The following is from the site: How to Travel to Canada With a Felony Charge - WikiHow How to Travel to Canada With a Felony Charge
Traveling can be a stressful experience. The customs requirements, banned items that cannot be taken across borders and fine print you neglected to read before you boarded that plane or sat behind the wheel of your car for a road trip may cause delays and frustration when you finally reach your destination.
Couple this with traveling internationally or across borders with a felony conviction, and it could be a recipe for disaster. Canada has been known for especially strict entry requirements when it comes to persons with felony convictions. Get prepared in advance so your entry into the country can be as smooth as possible. Steps Know your conviction details.
What was the charge or conviction? If you weren't convicted, there is still a strong possibility that an arrest or charge will still be on your record. Canada weighs a conviction in the United States and other foreign countries against their own legal statutes. A DUI in the United States is a rather common incident, but this mark on your record can easily bar you from entry into Canada. On the same note a misdemeanor in the United States may be considered a more serious offense there, so do not assume your "minor" conviction isn't enough to cause a problem. Gather all information about your conviction.
The date you were convicted, all sentencing stipulations, probation time allotted (if applicable) and community service served. If you don't already have this information, be prepared to locate it. You will need it later. Do you research beforehand.
Despite some internet information out there, a criminal conviction does not automatically bar you from entry; however, it can make it very difficult. Canada requires that all persons convicted apply for rehabilitation before entry. Rehabilitation considers that five years have passed since probation or parole sentences have finished or since an incident for which you were not charged (but may still be on your record). Be prepared to pay.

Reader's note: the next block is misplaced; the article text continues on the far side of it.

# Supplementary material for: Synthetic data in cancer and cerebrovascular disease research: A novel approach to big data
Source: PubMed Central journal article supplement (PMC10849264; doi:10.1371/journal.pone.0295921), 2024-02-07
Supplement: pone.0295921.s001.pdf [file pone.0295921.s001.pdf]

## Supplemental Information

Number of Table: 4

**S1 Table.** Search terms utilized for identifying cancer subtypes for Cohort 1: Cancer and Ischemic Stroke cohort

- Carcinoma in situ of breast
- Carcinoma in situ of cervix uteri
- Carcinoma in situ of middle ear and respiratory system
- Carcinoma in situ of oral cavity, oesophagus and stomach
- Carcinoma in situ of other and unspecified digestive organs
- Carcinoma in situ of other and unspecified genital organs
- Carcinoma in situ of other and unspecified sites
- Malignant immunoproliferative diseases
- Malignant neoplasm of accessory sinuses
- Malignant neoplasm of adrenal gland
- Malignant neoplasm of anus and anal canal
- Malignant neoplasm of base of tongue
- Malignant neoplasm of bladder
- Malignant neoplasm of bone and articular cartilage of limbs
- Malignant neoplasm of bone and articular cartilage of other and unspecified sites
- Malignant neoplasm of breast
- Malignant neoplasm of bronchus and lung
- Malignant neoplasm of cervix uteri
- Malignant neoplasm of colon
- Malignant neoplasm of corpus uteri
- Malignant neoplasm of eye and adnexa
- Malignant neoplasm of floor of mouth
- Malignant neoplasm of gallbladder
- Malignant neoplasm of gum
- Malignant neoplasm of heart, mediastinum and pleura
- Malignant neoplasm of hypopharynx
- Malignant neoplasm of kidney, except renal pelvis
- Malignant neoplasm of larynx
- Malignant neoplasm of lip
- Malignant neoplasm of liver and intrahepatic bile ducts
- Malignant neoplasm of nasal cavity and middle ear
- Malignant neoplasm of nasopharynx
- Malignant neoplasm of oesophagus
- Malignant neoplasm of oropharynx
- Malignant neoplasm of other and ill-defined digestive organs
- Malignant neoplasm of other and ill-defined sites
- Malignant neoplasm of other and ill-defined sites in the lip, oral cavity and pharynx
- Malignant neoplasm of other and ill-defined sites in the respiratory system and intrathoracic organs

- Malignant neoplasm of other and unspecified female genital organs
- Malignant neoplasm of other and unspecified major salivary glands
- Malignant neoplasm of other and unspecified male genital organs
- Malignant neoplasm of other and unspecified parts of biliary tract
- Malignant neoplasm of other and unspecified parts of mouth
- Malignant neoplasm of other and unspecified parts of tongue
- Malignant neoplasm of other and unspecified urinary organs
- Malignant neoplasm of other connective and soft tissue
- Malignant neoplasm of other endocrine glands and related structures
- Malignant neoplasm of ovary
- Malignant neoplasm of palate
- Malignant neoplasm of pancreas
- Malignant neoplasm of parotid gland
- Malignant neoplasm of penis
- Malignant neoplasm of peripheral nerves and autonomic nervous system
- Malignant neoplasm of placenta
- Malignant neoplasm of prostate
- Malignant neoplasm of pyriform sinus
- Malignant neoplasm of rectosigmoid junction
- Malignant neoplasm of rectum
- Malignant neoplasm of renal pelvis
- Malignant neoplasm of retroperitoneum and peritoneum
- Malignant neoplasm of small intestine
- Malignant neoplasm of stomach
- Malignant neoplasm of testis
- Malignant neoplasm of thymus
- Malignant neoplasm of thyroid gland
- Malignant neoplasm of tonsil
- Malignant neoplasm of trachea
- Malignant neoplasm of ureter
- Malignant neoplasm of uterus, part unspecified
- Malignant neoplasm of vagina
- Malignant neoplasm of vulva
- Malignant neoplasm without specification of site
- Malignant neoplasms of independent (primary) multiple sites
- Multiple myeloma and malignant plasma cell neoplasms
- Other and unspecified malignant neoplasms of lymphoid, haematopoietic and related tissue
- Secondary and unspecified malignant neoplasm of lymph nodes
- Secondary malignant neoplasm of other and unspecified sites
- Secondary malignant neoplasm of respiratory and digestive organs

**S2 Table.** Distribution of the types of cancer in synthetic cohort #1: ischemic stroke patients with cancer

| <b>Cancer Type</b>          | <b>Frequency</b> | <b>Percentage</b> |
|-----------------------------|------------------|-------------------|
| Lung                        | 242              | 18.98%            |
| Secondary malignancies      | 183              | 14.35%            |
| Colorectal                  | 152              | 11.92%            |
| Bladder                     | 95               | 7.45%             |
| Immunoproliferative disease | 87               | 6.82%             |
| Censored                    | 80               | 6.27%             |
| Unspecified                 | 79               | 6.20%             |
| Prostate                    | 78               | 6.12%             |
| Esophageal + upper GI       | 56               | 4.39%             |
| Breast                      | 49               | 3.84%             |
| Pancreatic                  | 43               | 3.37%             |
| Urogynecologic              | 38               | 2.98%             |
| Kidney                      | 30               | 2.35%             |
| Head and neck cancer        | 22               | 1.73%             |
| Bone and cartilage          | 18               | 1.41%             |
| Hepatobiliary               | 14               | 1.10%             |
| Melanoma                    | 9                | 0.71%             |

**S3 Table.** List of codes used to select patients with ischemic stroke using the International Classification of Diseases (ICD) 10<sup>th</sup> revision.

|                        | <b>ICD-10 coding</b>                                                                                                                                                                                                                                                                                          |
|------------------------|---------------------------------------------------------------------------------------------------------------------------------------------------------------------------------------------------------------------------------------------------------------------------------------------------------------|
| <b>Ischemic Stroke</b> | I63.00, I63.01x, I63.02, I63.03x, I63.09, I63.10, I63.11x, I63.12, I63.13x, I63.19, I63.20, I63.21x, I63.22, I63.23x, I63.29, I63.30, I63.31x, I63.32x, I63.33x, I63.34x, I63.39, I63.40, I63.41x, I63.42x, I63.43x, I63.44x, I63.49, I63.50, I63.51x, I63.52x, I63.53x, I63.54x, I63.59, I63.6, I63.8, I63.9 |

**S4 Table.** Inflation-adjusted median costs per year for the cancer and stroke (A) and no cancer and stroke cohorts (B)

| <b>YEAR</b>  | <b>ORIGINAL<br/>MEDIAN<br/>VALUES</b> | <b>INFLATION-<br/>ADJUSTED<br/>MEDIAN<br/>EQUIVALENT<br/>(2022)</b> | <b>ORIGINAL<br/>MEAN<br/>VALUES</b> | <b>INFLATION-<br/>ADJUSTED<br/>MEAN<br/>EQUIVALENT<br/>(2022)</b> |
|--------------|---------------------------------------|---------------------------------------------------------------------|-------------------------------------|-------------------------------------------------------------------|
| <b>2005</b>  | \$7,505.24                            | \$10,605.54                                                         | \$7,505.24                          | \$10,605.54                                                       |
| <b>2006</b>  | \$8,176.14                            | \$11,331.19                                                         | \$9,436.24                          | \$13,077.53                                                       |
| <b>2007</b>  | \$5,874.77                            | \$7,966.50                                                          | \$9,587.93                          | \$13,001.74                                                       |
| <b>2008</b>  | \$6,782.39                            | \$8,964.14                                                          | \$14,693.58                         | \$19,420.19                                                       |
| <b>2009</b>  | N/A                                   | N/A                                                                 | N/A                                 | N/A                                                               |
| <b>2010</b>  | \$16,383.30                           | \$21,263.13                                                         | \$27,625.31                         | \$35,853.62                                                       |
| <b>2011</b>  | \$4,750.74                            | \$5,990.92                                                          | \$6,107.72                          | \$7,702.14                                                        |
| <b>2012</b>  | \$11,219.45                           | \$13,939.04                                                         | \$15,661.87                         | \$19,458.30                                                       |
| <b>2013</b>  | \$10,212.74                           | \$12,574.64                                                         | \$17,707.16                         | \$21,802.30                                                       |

In order to file for Rehabilitation certification, Canada can impose an application fee from $200 to over $1,000. The amount you will pay is tied into the seriousness of your conviction. Fill out your application.
This requires you to give basic information about yourself, explain your conviction, the events that led up to it as well as your statement on why you feel you are rehabilitated. (See the official application for further details.) Be honest. If you lie on your application, and conflicting information turns up, you may not ever be allowed entry. Allow for enough time.
Processing times for your application can be as long as a year. There are exceptions to this rule, but they are quite limited. Enough cannot be said about planning in advance of a trip to Canada.
Understand that each person and situation are unique. Do not be discouraged by your past and assume that you will not be able to gain entry. Do your homework, contact the Consulate and proceed from there. Tips
Consider outside help to assist you with filling out your Rehabilitation application. A knowledgeable family member or friend can help, as well as a paid lawyer or member of the Consulate may also be of service.
Contact a Canadian embassy in the United States. If you feel you need more updated or personalized information about entry into Canada, there are people in place to help you.
If you were convicted of an offense as a juvenile, you will more than likely be allowed entry. Contact the Consulate to confirm. Warnings
Do not take Canada's entry restrictions lightly. You may end up sleeping in an airport waiting for your return flight home.
Take caution with driving into Canada. It has been said that it is easier for a person with a felony conviction to pass through the border patrol on roads leading in, but know that you are taking a large risk. Nothing is worse than having to tell your friends or family that they have to come home because you tried to push your luck. Disclaimer -
Though this article was researched, laws and policies of countries can change without warning and may render the contents of this article out of date. It is best to check with the Canadian Consulate for the most current information or contact a lawyer to do the work for you.